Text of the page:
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ORIGINAL ARTICLE
Year : 2018  |  Volume : 22  |  Issue : 3  |  Page : 355-361

Five-year retrospective study on primary hyperparathyroidism in South India: Emerging roles of minimally invasive parathyroidectomy and preoperative localization with methionine positron emission tomography-computed tomography scan


1 Department of Endocrinology, St. Johns Hospital and Medical College, Bengaluru, Karnataka, India
2 Department of Endocrinologyst, Johns Hospital and Medical College, Bengaluru, Karnataka, India
3 Department of Surgical Oncology, St. Johns Hospital and Medical College, Bengaluru, Karnataka, India
4 Division of Epidemiology and Biostatistics, St John's Research Institute, Bengaluru, Karnataka, India

Correspondence Address:
Vivek Mathew
Department of Endocrinology, Unit of Hope Building, St. John's Hospital and Medical College, Koramangala, Bengaluru - 560 034, Karnataka
India
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Source of Support: None, Conflict of Interest: None


DOI: 10.4103/ijem.IJEM_445_16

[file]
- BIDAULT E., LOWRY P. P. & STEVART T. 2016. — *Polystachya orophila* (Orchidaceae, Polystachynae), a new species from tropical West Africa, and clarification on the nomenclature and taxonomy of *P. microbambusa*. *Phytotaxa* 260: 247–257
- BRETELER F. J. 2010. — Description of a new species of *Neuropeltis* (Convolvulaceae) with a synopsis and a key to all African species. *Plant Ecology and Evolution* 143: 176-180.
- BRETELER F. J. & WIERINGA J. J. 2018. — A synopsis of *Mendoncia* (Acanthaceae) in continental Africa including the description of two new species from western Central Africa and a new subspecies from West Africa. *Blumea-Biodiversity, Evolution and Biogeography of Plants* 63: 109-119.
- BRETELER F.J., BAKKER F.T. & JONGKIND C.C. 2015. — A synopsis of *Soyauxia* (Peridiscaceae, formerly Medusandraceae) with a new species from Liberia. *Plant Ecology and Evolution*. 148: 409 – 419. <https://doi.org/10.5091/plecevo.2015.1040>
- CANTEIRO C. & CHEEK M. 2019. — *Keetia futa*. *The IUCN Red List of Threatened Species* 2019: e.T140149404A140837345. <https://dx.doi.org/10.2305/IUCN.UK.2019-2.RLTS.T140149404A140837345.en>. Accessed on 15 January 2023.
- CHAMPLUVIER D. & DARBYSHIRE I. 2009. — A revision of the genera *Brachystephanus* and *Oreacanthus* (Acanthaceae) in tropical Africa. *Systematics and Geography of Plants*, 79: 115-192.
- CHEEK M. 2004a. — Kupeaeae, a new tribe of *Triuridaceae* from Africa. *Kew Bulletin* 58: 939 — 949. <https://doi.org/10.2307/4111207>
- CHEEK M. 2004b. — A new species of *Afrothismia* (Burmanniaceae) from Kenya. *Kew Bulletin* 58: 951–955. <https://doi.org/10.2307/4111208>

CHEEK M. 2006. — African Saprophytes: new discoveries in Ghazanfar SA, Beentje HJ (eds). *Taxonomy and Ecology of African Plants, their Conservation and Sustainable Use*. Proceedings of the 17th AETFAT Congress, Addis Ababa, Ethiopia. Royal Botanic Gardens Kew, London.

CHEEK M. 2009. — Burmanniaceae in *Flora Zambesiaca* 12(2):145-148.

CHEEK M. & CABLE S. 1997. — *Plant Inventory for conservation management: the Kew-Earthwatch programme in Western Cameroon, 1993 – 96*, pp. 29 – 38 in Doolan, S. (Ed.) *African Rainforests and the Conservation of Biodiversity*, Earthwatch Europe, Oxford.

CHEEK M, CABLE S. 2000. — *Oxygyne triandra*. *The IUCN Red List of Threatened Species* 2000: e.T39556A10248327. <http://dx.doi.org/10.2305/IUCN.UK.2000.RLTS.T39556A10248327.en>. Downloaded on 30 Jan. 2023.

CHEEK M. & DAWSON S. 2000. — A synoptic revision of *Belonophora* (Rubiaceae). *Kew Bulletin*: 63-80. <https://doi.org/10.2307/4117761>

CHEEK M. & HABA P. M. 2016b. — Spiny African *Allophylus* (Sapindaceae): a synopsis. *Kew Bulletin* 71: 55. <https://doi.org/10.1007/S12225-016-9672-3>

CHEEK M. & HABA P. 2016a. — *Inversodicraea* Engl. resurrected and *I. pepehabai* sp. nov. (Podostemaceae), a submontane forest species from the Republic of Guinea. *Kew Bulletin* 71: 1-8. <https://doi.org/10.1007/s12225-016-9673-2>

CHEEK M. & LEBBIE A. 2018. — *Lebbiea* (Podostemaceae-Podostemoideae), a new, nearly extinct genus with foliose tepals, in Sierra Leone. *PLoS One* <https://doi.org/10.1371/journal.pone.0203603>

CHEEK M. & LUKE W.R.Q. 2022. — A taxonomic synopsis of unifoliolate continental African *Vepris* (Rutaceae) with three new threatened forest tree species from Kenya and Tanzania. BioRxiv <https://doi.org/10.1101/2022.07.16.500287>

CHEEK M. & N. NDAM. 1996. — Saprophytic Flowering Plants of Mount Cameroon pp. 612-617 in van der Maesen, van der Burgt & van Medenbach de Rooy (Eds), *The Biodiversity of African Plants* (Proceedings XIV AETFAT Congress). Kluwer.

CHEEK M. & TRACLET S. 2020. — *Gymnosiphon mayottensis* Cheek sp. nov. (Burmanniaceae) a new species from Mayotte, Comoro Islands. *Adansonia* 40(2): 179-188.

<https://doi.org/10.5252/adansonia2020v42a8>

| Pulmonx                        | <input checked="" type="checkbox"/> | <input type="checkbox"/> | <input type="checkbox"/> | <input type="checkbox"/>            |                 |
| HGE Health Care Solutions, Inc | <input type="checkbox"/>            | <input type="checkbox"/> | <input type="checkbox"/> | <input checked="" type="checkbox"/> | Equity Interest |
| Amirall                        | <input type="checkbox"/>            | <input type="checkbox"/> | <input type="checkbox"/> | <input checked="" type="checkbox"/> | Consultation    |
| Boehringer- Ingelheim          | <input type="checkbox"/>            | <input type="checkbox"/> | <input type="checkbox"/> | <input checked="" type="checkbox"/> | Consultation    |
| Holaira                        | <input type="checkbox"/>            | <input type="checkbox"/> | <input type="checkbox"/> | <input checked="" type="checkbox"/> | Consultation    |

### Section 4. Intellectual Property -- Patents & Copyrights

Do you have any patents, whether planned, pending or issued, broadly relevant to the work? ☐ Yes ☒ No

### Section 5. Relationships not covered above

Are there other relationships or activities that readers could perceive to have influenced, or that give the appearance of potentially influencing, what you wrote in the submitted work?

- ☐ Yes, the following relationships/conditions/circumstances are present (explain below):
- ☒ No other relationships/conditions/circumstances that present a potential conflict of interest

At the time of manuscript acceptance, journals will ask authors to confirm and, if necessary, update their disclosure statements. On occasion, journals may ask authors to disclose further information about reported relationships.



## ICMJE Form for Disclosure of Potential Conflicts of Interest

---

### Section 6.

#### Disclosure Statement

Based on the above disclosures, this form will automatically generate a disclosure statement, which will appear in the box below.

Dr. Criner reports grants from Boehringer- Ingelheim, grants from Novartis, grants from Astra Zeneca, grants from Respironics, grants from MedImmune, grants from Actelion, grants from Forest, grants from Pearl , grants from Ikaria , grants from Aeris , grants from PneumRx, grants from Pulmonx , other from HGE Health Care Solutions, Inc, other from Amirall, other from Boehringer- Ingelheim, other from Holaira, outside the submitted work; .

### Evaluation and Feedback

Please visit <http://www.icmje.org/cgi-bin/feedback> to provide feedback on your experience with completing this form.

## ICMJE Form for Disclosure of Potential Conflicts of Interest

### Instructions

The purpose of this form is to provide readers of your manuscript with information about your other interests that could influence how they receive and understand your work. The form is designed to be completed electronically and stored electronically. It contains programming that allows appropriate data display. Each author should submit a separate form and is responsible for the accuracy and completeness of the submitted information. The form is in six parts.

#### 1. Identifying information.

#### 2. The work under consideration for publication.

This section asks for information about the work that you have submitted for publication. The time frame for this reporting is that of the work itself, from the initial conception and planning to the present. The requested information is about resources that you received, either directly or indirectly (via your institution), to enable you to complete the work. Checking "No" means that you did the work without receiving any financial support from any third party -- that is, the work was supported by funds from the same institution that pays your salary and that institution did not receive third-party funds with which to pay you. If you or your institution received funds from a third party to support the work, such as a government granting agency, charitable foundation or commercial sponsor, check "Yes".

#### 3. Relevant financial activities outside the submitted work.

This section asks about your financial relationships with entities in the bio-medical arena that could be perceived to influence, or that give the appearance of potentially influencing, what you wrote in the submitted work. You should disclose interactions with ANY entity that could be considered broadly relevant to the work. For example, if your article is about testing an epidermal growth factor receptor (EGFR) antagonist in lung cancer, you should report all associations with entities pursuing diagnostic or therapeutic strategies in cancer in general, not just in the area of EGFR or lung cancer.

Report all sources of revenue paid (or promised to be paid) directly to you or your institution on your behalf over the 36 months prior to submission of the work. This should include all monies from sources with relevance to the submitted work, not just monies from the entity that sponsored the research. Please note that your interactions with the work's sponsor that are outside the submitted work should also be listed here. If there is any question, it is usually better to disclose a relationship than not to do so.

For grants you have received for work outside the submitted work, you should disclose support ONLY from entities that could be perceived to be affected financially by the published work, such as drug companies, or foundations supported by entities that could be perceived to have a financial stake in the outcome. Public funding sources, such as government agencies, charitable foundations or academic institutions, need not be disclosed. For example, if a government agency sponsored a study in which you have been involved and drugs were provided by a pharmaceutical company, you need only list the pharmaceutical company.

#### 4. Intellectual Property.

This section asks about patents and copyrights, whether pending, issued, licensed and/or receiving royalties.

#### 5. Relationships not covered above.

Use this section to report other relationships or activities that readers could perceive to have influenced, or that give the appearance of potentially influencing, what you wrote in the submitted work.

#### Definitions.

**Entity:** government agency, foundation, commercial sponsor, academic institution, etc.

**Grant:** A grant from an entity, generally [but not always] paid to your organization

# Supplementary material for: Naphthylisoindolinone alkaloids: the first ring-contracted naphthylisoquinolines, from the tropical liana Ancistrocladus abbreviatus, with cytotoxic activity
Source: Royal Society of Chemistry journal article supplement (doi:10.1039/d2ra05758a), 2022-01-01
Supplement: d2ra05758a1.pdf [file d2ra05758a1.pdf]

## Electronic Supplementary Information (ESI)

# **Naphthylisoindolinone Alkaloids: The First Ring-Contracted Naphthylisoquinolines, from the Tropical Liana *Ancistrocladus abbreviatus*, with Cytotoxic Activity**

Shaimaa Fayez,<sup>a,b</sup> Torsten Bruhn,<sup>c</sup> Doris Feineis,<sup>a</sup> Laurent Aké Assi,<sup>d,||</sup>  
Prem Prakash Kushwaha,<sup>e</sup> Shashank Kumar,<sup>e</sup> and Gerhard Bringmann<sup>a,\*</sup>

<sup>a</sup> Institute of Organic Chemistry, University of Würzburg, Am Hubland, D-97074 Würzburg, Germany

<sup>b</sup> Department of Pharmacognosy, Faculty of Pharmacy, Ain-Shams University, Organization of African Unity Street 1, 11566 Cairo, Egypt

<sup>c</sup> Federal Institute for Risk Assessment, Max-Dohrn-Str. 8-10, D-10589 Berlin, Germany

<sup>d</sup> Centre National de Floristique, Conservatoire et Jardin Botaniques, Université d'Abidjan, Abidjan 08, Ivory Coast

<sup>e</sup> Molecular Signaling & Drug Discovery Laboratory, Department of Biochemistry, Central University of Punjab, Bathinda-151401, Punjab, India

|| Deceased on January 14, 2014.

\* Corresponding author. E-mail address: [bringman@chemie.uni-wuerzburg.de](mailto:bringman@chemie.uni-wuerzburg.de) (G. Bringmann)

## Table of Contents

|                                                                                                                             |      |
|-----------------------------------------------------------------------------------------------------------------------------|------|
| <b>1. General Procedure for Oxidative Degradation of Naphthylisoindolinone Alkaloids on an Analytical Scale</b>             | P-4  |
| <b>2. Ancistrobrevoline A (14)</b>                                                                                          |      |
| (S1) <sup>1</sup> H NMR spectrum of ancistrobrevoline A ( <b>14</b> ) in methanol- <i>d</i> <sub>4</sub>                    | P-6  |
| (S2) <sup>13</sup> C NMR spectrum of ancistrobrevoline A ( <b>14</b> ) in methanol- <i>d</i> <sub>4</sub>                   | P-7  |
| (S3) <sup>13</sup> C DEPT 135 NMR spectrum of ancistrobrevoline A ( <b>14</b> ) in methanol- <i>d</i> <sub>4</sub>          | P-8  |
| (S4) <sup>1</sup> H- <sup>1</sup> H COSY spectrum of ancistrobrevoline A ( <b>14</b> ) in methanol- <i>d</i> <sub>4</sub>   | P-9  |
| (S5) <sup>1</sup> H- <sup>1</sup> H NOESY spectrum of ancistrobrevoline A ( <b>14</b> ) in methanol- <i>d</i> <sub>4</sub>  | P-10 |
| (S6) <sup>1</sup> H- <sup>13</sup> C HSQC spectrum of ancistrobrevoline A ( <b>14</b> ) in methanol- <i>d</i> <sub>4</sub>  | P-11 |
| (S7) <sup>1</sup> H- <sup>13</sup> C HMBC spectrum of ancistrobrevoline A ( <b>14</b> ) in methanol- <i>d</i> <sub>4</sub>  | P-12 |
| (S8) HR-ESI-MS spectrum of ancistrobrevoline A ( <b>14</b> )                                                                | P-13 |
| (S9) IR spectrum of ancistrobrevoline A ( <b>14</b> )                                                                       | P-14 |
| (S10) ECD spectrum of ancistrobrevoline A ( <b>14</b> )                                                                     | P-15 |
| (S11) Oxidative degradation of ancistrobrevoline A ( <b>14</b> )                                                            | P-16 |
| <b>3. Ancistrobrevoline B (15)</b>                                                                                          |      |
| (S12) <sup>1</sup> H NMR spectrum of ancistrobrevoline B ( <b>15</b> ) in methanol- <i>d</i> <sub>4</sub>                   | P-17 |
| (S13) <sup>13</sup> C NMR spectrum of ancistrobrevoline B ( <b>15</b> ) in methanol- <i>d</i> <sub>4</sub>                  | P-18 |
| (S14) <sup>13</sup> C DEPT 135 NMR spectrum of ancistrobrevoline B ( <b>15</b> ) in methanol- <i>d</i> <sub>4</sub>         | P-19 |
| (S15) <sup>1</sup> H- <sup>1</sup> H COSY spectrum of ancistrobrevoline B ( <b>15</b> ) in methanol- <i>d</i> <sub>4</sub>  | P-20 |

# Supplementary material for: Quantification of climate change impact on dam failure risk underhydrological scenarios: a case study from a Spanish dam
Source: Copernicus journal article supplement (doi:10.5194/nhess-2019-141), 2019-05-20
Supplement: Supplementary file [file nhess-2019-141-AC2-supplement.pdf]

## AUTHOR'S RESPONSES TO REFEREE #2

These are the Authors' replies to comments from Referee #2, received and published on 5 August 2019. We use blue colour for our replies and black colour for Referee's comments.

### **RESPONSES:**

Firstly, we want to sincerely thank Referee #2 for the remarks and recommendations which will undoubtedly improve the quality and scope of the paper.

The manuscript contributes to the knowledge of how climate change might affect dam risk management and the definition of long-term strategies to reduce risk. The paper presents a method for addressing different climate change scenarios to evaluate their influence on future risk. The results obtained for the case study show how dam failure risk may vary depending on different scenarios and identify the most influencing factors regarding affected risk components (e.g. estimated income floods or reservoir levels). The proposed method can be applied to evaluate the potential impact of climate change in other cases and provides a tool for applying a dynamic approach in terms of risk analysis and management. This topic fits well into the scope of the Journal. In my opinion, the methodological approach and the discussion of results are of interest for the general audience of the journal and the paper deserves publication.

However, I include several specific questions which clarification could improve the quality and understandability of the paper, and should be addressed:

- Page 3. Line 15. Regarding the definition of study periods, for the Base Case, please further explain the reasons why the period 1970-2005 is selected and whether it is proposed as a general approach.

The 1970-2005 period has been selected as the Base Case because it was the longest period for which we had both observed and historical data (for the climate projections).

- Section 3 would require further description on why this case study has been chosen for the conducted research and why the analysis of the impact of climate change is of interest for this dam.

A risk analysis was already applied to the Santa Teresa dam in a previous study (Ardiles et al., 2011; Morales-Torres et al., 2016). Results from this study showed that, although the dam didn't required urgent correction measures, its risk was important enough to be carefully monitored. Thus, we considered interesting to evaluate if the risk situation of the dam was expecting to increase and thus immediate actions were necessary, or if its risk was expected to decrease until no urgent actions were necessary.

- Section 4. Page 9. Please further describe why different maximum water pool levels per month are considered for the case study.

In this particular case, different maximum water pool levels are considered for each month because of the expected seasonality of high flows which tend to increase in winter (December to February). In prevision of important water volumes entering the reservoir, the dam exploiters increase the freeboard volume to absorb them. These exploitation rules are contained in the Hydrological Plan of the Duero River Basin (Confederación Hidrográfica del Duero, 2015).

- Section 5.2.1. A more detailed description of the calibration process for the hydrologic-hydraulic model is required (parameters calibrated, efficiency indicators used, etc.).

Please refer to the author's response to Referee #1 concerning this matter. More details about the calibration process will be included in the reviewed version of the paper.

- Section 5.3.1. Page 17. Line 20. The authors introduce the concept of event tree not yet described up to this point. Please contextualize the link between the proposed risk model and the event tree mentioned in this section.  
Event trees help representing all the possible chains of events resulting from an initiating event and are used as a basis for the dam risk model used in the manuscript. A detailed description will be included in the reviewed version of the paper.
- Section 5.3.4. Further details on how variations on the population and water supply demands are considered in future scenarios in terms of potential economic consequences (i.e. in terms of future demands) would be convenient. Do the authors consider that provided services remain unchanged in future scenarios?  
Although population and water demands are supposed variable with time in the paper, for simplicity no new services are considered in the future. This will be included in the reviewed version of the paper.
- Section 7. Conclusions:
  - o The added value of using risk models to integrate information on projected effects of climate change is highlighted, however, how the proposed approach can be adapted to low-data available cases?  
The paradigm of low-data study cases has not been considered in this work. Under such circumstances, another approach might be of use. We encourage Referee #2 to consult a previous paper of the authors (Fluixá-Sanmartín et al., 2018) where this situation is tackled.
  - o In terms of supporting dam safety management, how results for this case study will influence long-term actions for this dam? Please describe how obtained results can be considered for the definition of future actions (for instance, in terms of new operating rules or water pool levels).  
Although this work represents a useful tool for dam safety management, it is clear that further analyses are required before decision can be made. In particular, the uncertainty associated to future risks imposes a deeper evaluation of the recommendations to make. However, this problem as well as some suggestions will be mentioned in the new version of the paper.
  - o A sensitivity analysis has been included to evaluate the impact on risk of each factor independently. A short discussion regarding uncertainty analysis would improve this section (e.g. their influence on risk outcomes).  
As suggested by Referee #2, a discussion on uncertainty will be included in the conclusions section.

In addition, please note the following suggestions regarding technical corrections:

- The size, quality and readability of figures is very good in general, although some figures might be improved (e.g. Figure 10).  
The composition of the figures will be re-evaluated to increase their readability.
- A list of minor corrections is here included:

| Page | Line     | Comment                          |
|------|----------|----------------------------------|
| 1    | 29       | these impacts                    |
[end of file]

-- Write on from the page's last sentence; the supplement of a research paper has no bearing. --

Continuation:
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Background: Primary hyperparathyroidism (PHPT) is a common endocrine disease with a variable clinical presentation. PHPT is usually symptomatic at presentation in majority of the patients, especially in developing countries. As the accessibility to investigations, advanced imaging methods and surgical procedures are improving, the clinical profile of the patients with PHPT has undergone a palpable change compared to the earlier description. Hence we decided to look for a change in clinical, imaging and surgical outcomes of PHPT patients from South India. Methods: We collected the data on clinical presentation, biochemistry, radiological features and operative findings of patients with PHPT treated in our hospital from 2011-2015. Cases of PHPT were identified from the laboratory values using the biochemical criteria, after the exclusion of secondary and tertiary hyperparathyroidism cases. Results: Our study identified 54 patients (19 males and 35 females) with age ranging from 16 to 71 years. A Significant proportion(38.9%) of the patients were asymptomatic. Musculoskeletal symptoms (40.7%), renal manifestations (27.7%) and gastrointestinal system involvement (27.7%) constituted the other common modes of presentation. CNS involvement was seen in 3 patients. A palpable nodule in the neck was detected in 4 patients. Interestingly 4 patients were managed for parathyroid crisis at presentation. Biochemical features included hypercalcaemia (100%) and hypophosphatemia (59%) with a mean intact PTH level of 602.0±721.3 pg/ml. Sensitivity of Ultrasonography and Tc99M Sestamibi was 72% and 70.6% respectively for detecting a parathyroid adenoma. Sensitivity of C11 methionine PET-CT was 71.4% in those patients who were negative for other imaging modalities. Forty three patients (79.6%) underwent minimally invasive parathyroidectomy. Conclusion: In South India we have a notable change in the clinical presentation of PHPT from a symptomatic to an asymptomatic state. C11 Methionine PET - CT is an emerging modality for preoperative localisation especially when other imaging modalities are negative and when a minimally invasive parathyroidectomy is desired.


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